The purpose of EAA’s water quality program is to monitor the quality of the water in the aqui- fer by sampling streams, wells, and springs across the region for a variety of parameters. Stream sample locations are upstream of the recharge zone and monitor water quality enter- ing the aquifer. Wells located throughout the recharge and artesian zones are sampled to monitor water quality within the aquifer. Spring samples monitor the quality of water flowing out of the aquifer. EAA’s sampling program provides a representative “snapshot” of water quality conditions relative to the location, time, and date the sample was collected. The Edwards Aquifer is a karst groundwater system formed by the dissolution of limestone rock. Dissolution occurs when slightly acidic rainwater or groundwater dissolves thea lime- stone to create caves, sinkholes, and other fea- tures. Dissolution processes significantly en- hance the permeability of the Edwards Aquifer. The aquifer is characterized by rapid recharge and fast groundwater velocities in the recharge zone, highly productive wells in the artesian zone, and large springs, e.g., Comal and San Marcos springs. Water quality in the recharge zone can change quickly and be highly variable in time and location because of stream infiltration, rainfall, and rapid groundwater velocities. In contrast, water quality in the deep artesian zone is generally more stable because of slower groundwater velocities and larger volumes of water for dilution. Sampling in 2017 EAA staff collected water quality samples from 8 streams, 70 wells (27 Edwards Aquifer wells and 43 Trinity Aquifer wells; some wells were
sampled multiple times), and six spring groups (see Map 1 for locations). All the water sam- ples were grab samples, which are discrete samples that represent the water composition at that specific time and place. Historical water quality data collected from streams, wells, and springs can be viewed and downloaded from EAA’s web site at www.edwardsaquifer.org . The EAA sampled both Edwards and Trinity aquifer wells in 2017. There is significant inter- connectivity between the aquifers based on ev- idence from multiple sources. These sources include upland recharge variability studies, streamflow gain and loss studies, tracer tests, analyses of multi-port monitoring wells, geo- chemistry data, biologic habitat analysis, geophysics data, and inferences from ground- water modeling. While the evidence clearly illustrates connectivity, there remains signifi- cant uncertainty regarding the volume of water that may move from the Trinity Aquifer to the Edwards Aquifer. The EAA has initiated the Edwards–Trinity Interformational Flow Investi- gation, which is a multi-year project designed to address this uncertainty. For more infor- mation about the Edwards-Trinity Interforma- tional Flow Investigation, please visit https:// www.edwardsaquifer.org/science-and-maps/ research-and-scientific-reports/interformational- flow-study . Overall, the Edwards Aquifer produces high quality water suitable for almost any purpose. Although most samples in 2017 contained no detectable contaminants, organic compounds of concern that were detected typically had con- centrations less than their maximum contam- inant levels (MCLs) established by the Texas Commission on Environmental Quality (TCEQ).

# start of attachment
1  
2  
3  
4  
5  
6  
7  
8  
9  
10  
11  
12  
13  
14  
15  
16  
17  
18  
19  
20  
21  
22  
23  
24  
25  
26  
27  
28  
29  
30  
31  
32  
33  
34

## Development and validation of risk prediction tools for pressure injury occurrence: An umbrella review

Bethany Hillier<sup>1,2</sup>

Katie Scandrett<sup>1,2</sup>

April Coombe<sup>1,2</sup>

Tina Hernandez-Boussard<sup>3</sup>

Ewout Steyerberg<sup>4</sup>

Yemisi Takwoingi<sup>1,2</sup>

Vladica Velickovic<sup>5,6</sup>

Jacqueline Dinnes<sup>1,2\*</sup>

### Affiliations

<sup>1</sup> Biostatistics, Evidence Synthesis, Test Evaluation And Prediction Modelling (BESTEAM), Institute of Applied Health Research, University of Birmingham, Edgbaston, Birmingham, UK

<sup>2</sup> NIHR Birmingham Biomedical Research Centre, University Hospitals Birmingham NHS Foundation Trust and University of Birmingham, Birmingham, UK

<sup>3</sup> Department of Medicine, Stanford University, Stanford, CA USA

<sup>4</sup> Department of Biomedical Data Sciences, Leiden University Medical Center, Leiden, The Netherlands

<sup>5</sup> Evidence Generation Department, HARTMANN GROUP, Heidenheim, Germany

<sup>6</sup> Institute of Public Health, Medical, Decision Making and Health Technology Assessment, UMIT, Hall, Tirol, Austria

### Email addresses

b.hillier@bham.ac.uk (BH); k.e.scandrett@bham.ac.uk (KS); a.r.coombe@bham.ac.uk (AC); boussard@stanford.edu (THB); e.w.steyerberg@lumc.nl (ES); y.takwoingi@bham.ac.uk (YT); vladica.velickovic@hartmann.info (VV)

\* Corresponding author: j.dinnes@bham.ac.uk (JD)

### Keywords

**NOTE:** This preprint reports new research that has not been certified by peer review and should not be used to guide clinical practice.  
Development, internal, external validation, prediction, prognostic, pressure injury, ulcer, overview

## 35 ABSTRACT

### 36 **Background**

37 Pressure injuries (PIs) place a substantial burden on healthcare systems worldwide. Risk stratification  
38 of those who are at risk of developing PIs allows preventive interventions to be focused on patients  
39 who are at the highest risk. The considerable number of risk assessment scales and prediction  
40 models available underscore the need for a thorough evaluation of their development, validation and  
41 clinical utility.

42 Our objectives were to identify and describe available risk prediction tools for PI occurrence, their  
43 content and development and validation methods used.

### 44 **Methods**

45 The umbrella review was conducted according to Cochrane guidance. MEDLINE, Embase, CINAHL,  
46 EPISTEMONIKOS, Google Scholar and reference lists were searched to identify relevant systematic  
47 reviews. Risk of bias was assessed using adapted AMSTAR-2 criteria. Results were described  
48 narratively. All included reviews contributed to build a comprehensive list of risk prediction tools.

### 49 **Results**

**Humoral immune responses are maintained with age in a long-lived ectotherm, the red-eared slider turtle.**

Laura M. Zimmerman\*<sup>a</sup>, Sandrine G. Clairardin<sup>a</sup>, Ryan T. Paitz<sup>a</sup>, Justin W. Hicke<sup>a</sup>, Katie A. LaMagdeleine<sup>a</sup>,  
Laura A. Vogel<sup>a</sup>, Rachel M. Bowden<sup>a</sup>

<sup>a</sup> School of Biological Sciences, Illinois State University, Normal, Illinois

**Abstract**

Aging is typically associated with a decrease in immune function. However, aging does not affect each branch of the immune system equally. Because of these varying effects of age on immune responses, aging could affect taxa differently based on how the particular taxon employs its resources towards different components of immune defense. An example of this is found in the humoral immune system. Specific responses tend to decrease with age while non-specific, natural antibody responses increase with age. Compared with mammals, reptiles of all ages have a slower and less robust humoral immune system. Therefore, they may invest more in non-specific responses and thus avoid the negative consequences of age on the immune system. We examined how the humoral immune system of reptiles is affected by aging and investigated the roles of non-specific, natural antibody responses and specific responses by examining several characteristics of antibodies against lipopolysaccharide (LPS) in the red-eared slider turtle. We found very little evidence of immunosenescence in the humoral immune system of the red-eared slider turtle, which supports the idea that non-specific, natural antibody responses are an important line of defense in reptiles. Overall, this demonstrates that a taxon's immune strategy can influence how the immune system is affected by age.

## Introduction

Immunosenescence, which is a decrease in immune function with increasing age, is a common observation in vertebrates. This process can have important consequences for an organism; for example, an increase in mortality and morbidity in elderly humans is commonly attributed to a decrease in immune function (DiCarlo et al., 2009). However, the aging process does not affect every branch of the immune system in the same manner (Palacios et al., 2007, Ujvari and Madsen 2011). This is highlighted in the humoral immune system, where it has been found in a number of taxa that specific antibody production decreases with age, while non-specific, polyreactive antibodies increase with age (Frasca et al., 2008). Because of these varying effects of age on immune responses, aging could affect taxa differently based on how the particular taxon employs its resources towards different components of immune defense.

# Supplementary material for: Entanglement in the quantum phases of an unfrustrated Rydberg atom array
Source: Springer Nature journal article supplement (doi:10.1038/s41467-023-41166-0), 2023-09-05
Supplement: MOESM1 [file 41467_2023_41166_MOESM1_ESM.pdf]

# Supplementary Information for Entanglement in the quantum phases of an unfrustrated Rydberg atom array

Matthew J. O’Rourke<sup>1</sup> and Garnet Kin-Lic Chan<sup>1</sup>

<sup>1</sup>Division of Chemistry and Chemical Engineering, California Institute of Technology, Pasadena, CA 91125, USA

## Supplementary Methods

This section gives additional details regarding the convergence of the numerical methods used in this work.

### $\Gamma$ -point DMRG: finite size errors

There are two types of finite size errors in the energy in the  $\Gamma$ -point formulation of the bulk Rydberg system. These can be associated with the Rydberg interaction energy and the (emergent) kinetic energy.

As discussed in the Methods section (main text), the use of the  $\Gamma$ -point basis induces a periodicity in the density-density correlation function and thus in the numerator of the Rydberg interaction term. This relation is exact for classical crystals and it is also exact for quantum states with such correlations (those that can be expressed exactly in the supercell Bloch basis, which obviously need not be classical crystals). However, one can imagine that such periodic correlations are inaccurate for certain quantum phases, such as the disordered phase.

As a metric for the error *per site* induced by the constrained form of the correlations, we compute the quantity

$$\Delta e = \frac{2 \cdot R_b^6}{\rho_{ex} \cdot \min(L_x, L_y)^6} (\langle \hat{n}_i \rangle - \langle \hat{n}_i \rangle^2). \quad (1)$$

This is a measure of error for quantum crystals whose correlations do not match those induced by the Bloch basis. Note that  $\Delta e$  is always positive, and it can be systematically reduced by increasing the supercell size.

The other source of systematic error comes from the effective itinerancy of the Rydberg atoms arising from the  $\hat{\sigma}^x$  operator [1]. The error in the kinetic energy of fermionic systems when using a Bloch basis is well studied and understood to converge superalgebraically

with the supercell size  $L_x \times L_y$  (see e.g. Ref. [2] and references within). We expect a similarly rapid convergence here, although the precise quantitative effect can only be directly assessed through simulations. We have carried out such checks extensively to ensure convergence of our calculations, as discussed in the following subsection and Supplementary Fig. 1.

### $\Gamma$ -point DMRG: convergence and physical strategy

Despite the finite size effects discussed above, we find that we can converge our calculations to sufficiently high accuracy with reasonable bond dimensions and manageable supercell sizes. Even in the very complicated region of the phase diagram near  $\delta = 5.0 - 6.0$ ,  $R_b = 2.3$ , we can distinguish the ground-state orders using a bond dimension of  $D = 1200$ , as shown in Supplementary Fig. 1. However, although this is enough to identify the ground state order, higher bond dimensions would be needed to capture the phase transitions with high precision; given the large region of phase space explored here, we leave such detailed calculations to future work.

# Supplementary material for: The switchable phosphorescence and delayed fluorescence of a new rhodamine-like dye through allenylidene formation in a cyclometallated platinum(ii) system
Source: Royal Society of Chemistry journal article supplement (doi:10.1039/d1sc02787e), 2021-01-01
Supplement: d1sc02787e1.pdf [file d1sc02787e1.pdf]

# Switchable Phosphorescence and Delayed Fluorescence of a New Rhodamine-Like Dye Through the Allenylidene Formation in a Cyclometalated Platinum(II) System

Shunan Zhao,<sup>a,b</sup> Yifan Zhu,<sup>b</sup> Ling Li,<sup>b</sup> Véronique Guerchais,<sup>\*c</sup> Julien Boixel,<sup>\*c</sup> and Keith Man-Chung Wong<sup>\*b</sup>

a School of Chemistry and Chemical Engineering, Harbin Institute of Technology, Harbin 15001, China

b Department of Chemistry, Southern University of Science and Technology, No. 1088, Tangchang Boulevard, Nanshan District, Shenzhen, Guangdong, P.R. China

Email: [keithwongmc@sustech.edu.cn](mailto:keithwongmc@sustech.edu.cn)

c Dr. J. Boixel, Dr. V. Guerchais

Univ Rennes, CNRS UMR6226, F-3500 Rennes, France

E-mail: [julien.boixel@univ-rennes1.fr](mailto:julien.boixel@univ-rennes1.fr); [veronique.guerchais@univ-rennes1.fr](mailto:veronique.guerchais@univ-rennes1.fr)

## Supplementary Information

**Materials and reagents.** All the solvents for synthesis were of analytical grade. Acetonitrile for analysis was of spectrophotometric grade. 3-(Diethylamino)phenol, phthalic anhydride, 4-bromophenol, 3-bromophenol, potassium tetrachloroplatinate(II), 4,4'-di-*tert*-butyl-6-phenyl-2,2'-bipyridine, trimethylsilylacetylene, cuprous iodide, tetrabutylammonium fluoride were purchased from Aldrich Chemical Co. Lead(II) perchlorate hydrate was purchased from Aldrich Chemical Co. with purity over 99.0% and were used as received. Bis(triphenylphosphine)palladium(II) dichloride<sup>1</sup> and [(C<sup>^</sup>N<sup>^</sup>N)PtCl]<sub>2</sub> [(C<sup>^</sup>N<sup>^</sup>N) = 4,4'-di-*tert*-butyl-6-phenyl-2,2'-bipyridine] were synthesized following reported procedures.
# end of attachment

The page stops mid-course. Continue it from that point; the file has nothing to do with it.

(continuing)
E DWARD S AQU I F E R AU THOR I T Y
SAMPLE-COLLECTION SUMMARY, CALENDAR YEAR 2017
Number of Sample Locations 18 Edwards wells 10 Trinity wells 5 spring groups 8 stream sites 27 Edwards wells 43 Trinity wells 6 spring groups 27 Edwards wells 43 Trinity wells 6 spring groups 25 Edwards wells 5 Trinity wells 5 spring groups 8 stream sites 25 Edwards wells 5 Trinity wells 5 spring groups 8 stream sites 25 Edwards wells 5 Trinity wells 5 spring groups 8 stream sites 10 Edwards wells 0 Trinity wells 5 spring groups 8 stream sites 0 Edwards wells 11 Trinity wells 6 spring groups 4 stream sites 8 stream sites 8 stream sites
Number of Samples
Detections above MCL
18 10 55 15 28 57 80 17 28 57 80 17 25
0 0 0 0 0 0 0 0 0 0 0 0 2 0 0 0 0 0 0 0 0 0
Nitrate-Nitrite as Nitrogen
Volatile Organic Compounds
Semivolatile Organic Compounds
55 16 25 55 16 10 5
Pesticide and/or Herbicide Compounds
Polyfluorinated Alkyl Substances
No MCLs are established for this parameter
MCL= Maximum Contaminant Level. For water quality samples, analytical results are compared with the primary standards based on concentrations published in Title 30 of the Texas Administrative Code, Chapter 290, Subchapter F http:/www.sos.state.tx.us/tac/index.shtml . *Spring and stream bacteria samples are compared with contact recreation standards as published in Texas Surface Water Quality Standards (Title 30, Chapter 307 of the Texas Administrative Code). For compounds that do not have an established MCL, the protective concentration level is based on the Texas Risk Reduction Program, Tier 1, residential value, as referenced in Title 30, Texas Administrative Code, Chapter 350 https:/www.tceq.texas.gov/remediation/trrp/trrppcls.html .
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Map 1. The map shows the locations for water quality samples collected by EAA staff in 2017. The samples represent 8 streams, 70 wells, and 6 spring groups. Samples were obtained from the Contributing, Recharge, and Artesian Zones of the Edwards Aquifer. Surface water, well, and spring sample locations where PFAS compounds were detected are indicated by pink symbols.
E DWARD S AQU I F E R AU THOR I T Y